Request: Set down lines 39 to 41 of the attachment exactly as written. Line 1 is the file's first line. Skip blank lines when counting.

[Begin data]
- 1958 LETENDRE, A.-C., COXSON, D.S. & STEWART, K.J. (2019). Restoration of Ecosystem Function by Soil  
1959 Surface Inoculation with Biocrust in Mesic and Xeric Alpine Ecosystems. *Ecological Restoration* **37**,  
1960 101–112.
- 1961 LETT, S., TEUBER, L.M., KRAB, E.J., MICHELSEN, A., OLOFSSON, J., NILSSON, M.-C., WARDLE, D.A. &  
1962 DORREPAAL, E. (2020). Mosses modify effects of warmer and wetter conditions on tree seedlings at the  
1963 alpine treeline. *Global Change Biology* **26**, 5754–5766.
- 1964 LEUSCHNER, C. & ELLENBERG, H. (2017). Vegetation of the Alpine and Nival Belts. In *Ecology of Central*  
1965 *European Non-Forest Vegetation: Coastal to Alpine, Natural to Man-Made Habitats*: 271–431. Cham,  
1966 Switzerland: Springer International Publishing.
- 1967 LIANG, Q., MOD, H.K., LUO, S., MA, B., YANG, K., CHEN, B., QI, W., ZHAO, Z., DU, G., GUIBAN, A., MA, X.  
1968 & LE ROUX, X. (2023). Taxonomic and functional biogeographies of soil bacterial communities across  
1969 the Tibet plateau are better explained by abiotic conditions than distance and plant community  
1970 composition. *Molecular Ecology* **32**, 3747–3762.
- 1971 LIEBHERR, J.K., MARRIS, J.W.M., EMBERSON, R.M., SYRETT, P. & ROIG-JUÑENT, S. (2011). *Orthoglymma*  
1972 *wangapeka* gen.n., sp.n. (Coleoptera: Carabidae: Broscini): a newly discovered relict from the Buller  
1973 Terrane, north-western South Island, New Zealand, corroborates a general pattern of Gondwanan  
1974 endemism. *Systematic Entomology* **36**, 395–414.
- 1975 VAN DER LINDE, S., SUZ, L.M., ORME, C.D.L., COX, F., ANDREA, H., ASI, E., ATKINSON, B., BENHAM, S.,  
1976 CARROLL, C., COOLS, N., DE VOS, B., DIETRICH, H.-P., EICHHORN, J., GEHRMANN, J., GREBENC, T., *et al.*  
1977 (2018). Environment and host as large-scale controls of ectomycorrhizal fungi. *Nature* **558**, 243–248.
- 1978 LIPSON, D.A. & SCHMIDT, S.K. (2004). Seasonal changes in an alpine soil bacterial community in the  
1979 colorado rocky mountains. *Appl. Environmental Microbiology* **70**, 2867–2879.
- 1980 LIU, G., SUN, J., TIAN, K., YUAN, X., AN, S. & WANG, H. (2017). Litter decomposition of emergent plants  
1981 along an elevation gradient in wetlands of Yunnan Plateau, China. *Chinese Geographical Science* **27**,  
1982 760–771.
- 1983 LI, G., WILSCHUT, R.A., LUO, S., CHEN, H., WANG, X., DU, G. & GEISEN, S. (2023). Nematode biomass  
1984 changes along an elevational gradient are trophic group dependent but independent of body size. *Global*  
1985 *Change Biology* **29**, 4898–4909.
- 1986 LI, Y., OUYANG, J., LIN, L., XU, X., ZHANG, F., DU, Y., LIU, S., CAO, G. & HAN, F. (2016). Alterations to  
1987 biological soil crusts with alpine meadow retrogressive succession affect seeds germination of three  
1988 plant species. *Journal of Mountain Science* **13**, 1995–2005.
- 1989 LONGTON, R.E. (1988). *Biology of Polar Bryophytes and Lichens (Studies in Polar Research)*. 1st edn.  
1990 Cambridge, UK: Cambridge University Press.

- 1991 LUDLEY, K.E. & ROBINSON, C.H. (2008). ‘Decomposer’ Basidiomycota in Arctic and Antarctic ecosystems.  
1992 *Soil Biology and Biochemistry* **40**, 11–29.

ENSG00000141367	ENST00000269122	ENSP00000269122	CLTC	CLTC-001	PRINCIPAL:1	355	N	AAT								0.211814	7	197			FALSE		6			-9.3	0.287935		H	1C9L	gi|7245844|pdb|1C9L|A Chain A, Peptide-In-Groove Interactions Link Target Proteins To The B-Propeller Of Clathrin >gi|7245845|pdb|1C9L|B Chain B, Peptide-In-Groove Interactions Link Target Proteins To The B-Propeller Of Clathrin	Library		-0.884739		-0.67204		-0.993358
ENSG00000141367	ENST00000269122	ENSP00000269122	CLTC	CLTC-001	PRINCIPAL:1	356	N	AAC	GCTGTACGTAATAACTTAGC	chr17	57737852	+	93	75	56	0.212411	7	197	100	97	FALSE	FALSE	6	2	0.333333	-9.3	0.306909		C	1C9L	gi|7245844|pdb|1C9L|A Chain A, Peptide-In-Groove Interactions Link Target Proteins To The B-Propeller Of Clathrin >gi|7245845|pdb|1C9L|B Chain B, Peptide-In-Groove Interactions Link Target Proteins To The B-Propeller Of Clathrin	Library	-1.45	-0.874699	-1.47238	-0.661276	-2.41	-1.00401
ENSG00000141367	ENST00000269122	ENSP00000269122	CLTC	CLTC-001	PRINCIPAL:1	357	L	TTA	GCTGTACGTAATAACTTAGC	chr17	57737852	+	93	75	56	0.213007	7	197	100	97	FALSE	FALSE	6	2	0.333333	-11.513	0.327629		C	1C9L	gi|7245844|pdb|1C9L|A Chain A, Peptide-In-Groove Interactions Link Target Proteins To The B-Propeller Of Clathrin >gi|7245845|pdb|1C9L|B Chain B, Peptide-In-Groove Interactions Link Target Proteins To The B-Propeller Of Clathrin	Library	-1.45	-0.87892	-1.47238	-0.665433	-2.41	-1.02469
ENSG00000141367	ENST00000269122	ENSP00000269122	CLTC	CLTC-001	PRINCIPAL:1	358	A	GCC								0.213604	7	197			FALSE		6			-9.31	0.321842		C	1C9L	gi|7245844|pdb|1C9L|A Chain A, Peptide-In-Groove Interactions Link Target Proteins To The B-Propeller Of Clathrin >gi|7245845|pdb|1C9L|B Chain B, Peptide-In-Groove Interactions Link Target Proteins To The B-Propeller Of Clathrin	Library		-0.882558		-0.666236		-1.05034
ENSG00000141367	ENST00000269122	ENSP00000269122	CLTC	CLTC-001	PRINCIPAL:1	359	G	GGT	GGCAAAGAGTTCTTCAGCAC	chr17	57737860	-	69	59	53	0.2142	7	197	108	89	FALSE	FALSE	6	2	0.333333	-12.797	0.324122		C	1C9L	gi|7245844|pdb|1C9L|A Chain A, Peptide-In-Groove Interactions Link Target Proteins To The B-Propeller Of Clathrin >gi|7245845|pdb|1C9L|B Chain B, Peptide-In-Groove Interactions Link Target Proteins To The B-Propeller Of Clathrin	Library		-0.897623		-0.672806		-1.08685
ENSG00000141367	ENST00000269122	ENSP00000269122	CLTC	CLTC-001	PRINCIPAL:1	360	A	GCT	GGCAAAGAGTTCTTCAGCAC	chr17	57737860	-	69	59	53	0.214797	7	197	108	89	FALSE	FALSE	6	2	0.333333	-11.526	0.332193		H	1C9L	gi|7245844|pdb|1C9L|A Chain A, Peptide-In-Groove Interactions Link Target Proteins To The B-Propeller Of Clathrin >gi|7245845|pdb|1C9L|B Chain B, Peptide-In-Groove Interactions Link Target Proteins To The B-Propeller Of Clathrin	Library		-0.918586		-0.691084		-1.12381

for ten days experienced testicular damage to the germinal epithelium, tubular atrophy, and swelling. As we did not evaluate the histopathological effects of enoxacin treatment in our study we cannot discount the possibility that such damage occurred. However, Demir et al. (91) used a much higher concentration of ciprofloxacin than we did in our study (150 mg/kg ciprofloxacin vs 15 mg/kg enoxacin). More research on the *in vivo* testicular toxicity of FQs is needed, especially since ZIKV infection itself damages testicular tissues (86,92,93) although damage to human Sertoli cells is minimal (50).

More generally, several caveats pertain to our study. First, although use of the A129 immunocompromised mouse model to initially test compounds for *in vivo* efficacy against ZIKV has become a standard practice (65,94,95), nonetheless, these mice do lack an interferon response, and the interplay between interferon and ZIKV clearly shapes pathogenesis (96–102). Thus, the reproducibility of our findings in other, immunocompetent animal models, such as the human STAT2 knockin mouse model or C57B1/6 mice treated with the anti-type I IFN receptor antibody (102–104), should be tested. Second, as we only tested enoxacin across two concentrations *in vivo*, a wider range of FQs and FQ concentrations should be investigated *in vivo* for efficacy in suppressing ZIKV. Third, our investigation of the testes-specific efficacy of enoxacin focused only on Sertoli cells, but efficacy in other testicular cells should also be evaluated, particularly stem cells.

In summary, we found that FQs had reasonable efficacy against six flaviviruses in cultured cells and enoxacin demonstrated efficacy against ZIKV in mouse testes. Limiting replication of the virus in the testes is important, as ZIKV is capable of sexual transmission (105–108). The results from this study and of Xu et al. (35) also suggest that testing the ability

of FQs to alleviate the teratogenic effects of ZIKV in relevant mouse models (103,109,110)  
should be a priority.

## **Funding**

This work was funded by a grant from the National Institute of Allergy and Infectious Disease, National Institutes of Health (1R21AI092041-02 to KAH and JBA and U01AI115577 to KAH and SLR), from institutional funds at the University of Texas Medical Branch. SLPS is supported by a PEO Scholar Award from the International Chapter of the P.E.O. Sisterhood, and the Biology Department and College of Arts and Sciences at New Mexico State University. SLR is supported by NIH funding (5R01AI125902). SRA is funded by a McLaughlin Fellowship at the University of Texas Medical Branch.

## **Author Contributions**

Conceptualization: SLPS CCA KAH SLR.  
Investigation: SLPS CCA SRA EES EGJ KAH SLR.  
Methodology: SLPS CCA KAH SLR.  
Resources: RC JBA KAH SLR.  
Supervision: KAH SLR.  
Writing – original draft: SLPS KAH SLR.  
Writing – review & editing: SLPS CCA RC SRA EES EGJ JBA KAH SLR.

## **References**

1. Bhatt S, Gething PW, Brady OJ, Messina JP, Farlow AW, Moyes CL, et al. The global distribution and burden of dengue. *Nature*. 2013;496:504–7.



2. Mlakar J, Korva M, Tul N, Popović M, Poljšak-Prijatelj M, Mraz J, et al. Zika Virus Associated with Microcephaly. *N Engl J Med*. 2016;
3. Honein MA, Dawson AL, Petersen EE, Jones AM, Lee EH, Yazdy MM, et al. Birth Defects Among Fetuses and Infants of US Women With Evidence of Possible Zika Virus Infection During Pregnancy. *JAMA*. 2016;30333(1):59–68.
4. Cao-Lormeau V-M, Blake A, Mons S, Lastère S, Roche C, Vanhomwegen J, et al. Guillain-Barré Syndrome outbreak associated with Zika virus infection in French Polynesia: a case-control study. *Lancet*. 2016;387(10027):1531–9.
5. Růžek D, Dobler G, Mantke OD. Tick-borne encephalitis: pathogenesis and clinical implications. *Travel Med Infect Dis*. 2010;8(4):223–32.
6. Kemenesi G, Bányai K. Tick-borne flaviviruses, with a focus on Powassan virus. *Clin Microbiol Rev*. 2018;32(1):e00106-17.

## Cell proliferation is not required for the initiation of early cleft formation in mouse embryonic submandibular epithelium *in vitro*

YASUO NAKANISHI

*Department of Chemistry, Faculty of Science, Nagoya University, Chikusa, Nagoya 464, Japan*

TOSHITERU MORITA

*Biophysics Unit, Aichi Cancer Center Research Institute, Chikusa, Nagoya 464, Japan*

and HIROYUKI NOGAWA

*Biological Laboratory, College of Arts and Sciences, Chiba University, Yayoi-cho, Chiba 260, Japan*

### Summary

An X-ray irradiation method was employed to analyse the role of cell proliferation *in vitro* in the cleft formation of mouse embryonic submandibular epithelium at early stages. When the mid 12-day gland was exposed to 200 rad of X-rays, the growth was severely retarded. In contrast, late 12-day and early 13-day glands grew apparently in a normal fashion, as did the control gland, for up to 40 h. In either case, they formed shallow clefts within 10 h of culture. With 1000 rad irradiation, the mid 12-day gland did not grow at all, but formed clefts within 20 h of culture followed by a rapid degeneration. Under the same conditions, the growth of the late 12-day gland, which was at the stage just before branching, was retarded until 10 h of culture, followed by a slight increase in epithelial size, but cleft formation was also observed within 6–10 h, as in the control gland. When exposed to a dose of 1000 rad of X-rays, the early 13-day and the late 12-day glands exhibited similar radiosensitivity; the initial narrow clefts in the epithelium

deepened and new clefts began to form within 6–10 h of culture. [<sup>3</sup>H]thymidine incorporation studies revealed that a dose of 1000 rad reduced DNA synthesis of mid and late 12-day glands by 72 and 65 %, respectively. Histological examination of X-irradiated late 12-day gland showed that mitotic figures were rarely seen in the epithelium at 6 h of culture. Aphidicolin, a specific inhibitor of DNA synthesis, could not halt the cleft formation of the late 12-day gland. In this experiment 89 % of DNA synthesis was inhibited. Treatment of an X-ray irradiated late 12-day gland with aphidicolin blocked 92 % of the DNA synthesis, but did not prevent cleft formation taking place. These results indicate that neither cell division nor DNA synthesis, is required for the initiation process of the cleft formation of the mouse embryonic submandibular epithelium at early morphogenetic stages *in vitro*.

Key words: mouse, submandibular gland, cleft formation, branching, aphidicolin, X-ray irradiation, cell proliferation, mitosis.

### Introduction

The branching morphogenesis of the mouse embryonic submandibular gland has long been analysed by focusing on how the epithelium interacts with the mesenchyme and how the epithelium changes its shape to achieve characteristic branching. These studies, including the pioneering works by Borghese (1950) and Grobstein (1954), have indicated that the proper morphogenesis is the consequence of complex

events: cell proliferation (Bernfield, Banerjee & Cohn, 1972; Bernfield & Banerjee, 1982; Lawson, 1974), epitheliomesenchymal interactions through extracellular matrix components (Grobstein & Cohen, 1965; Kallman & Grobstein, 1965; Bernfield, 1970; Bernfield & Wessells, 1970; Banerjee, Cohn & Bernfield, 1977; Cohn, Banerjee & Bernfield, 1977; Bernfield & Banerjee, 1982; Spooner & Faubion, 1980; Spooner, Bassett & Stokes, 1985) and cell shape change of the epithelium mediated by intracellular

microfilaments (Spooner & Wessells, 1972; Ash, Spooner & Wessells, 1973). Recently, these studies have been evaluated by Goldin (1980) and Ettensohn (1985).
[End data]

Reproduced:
ENSG00000141367	ENST00000269122	ENSP00000269122	CLTC	CLTC-001	PRINCIPAL:1	358	A	GCC								0.213604	7	197			FALSE		6			-9.31	0.321842		C	1C9L	gi|7245844|pdb|1C9L|A Chain A, Peptide-In-Groove Interactions Link Target Proteins To The B-Propeller Of Clathrin >gi|7245845|pdb|1C9L|B Chain B, Peptide-In-Groove Interactions Link Target Proteins To The B-Propeller Of Clathrin	Library		-0.882558		-0.666236		-1.05034
ENSG00000141367	ENST00000269122	ENSP00000269122	CLTC	CLTC-001	PRINCIPAL:1	359	G	GGT	GGCAAAGAGTTCTTCAGCAC	chr17	57737860	-	69	59	53	0.2142	7	197	108	89	FALSE	FALSE	6	2	0.333333	-12.797	0.324122		C	1C9L	gi|7245844|pdb|1C9L|A Chain A, Peptide-In-Groove Interactions Link Target Proteins To The B-Propeller Of Clathrin >gi|7245845|pdb|1C9L|B Chain B, Peptide-In-Groove Interactions Link Target Proteins To The B-Propeller Of Clathrin	Library		-0.897623		-0.672806		-1.08685
ENSG00000141367	ENST00000269122	ENSP00000269122	CLTC	CLTC-001	PRINCIPAL:1	360	A	GCT	GGCAAAGAGTTCTTCAGCAC	chr17	57737860	-	69	59	53	0.214797	7	197	108	89	FALSE	FALSE	6	2	0.333333	-11.526	0.332193		H	1C9L	gi|7245844|pdb|1C9L|A Chain A, Peptide-In-Groove Interactions Link Target Proteins To The B-Propeller Of Clathrin >gi|7245845|pdb|1C9L|B Chain B, Peptide-In-Groove Interactions Link Target Proteins To The B-Propeller Of Clathrin	Library		-0.918586		-0.691084		-1.12381